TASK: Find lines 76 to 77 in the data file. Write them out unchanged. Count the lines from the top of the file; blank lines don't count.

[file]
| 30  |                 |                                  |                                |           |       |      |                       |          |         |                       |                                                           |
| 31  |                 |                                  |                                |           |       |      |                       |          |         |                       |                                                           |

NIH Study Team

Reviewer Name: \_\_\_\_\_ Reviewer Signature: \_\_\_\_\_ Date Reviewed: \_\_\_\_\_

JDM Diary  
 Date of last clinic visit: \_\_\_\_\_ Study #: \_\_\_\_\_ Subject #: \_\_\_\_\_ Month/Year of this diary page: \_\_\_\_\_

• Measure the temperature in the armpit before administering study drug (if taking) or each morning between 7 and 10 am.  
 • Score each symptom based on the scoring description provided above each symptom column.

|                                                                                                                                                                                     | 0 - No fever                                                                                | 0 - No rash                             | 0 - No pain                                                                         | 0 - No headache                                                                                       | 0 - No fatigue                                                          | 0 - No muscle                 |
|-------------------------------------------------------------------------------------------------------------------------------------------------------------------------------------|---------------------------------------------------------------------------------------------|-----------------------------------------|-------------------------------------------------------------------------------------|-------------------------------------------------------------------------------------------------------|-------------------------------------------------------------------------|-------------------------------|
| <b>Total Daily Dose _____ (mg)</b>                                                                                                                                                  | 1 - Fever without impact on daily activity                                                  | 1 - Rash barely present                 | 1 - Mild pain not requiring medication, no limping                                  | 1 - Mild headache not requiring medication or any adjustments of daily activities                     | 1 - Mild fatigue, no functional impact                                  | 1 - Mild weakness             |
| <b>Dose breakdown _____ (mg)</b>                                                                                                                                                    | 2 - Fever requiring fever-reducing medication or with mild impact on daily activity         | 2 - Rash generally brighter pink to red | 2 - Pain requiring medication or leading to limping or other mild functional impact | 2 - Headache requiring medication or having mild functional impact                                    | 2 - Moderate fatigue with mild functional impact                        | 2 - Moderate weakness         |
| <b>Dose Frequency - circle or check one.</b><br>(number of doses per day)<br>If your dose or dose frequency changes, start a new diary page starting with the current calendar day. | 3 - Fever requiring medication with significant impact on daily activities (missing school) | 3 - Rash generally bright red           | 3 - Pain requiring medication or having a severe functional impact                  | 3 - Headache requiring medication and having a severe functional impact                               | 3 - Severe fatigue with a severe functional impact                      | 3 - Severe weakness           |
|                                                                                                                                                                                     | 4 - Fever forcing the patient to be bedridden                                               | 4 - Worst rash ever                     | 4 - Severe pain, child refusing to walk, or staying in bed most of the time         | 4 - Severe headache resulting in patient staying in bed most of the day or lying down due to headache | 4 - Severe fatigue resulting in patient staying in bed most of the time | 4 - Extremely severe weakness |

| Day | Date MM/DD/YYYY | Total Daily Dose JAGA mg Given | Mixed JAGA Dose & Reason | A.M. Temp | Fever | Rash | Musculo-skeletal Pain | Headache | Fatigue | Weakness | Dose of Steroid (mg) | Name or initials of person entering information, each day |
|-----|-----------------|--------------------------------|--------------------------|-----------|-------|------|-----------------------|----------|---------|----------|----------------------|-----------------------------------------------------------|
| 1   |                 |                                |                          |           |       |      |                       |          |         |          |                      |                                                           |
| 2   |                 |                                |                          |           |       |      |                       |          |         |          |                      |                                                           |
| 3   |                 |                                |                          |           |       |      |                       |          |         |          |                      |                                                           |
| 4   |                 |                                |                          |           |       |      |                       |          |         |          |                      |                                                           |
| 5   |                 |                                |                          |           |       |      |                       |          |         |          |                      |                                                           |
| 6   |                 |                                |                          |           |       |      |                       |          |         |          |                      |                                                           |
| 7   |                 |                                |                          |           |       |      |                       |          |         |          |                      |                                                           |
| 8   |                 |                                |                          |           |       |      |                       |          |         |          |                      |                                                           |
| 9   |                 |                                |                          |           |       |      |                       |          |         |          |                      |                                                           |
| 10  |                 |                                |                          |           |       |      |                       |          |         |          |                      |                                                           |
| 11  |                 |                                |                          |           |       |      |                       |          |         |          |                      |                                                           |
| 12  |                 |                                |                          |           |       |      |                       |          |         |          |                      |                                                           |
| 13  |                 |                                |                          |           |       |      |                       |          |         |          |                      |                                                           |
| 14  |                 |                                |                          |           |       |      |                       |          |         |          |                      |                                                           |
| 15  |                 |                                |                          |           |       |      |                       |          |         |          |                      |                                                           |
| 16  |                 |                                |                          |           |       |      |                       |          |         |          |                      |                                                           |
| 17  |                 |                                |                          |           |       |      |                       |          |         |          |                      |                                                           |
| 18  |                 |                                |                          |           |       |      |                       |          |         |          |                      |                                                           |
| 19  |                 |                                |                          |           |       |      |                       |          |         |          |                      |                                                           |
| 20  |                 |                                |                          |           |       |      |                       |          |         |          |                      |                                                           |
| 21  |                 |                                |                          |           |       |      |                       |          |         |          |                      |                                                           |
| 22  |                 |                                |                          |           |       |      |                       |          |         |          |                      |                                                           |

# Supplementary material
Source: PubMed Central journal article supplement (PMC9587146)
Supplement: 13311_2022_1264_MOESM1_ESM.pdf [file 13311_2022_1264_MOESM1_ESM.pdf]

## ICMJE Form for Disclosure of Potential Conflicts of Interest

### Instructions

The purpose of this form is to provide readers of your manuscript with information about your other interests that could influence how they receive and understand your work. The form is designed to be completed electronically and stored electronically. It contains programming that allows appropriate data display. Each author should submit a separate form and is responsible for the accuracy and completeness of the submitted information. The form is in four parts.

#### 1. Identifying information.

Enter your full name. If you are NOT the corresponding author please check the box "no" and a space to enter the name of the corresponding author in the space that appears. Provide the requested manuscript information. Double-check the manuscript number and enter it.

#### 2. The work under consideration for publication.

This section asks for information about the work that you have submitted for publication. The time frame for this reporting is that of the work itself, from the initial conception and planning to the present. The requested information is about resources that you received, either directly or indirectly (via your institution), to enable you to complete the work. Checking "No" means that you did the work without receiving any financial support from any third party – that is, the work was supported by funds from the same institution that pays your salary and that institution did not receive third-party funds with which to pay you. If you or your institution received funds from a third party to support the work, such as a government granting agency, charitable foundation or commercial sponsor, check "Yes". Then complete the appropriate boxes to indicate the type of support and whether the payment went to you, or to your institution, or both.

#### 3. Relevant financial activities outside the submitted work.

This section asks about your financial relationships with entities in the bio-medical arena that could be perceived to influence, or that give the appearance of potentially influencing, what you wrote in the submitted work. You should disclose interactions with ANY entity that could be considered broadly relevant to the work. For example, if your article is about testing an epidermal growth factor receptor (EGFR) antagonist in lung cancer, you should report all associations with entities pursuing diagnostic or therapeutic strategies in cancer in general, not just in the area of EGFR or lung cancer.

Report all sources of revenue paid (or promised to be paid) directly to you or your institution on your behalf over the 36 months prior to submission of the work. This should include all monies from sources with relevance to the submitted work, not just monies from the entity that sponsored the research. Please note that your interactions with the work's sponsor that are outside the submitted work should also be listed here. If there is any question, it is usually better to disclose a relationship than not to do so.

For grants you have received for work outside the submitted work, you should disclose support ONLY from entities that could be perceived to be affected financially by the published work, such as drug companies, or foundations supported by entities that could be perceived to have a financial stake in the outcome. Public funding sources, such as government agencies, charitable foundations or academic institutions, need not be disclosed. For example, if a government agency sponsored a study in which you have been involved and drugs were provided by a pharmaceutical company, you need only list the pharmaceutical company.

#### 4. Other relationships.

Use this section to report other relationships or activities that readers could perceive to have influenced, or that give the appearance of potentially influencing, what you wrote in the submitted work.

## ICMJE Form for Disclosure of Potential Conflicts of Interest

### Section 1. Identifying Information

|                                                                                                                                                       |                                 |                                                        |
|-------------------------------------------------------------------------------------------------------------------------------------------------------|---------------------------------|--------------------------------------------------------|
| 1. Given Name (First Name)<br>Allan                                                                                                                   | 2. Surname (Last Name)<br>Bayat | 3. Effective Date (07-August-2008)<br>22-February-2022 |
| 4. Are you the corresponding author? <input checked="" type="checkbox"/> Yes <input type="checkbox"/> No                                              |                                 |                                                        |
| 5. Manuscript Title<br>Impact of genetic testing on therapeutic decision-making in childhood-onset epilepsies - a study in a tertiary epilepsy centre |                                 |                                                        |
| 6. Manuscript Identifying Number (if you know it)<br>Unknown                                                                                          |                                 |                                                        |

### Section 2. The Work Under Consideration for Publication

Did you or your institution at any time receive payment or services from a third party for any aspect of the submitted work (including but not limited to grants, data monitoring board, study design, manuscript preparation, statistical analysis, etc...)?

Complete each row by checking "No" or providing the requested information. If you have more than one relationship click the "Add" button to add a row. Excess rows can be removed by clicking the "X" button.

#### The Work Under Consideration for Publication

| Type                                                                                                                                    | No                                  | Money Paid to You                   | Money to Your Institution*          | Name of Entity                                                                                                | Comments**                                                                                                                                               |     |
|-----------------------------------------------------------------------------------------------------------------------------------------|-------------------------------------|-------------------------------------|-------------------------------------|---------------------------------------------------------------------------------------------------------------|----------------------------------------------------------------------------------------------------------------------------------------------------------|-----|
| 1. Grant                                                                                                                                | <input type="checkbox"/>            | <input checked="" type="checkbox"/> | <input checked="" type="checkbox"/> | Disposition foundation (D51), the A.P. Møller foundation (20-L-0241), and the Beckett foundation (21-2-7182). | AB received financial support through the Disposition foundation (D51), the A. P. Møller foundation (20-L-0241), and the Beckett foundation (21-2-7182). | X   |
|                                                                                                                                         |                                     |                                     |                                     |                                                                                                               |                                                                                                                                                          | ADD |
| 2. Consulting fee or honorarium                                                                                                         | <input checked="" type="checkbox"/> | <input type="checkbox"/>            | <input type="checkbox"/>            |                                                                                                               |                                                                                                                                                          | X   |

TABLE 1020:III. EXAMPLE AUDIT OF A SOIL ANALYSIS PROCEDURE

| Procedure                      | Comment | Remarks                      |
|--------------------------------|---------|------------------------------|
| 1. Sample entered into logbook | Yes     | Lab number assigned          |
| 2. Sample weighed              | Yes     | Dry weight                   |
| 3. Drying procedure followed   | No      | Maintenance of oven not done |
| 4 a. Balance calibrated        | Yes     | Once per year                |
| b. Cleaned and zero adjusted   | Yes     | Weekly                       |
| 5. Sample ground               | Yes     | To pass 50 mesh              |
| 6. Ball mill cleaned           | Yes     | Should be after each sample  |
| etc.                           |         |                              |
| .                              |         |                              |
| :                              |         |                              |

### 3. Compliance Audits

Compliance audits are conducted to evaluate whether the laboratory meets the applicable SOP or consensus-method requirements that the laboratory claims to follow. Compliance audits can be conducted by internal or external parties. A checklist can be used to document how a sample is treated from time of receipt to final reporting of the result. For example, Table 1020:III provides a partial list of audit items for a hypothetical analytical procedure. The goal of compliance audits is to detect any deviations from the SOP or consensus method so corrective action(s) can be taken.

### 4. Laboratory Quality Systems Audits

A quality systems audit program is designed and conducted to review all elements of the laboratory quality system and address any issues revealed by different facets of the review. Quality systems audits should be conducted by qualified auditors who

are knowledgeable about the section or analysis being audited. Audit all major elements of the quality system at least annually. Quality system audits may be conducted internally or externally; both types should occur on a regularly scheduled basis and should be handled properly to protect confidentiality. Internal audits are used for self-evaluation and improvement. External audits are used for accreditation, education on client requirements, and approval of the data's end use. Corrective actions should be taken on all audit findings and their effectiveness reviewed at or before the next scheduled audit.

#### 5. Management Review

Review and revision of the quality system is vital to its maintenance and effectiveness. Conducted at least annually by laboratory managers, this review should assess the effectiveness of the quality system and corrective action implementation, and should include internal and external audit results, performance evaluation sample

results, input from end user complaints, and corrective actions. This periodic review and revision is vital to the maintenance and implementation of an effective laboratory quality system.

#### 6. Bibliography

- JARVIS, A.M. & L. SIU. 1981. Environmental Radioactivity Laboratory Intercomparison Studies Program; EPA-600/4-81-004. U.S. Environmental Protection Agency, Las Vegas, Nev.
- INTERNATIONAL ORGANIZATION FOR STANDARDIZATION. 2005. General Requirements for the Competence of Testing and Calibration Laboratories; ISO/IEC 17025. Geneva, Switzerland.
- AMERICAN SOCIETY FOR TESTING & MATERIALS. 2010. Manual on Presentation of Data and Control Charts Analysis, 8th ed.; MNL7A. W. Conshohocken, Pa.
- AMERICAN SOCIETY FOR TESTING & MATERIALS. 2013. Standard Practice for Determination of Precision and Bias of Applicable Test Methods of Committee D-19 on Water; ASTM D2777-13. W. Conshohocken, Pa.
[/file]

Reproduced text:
| 2. Sample weighed              | Yes     | Dry weight                   |
| 3. Drying procedure followed   | No      | Maintenance of oven not done |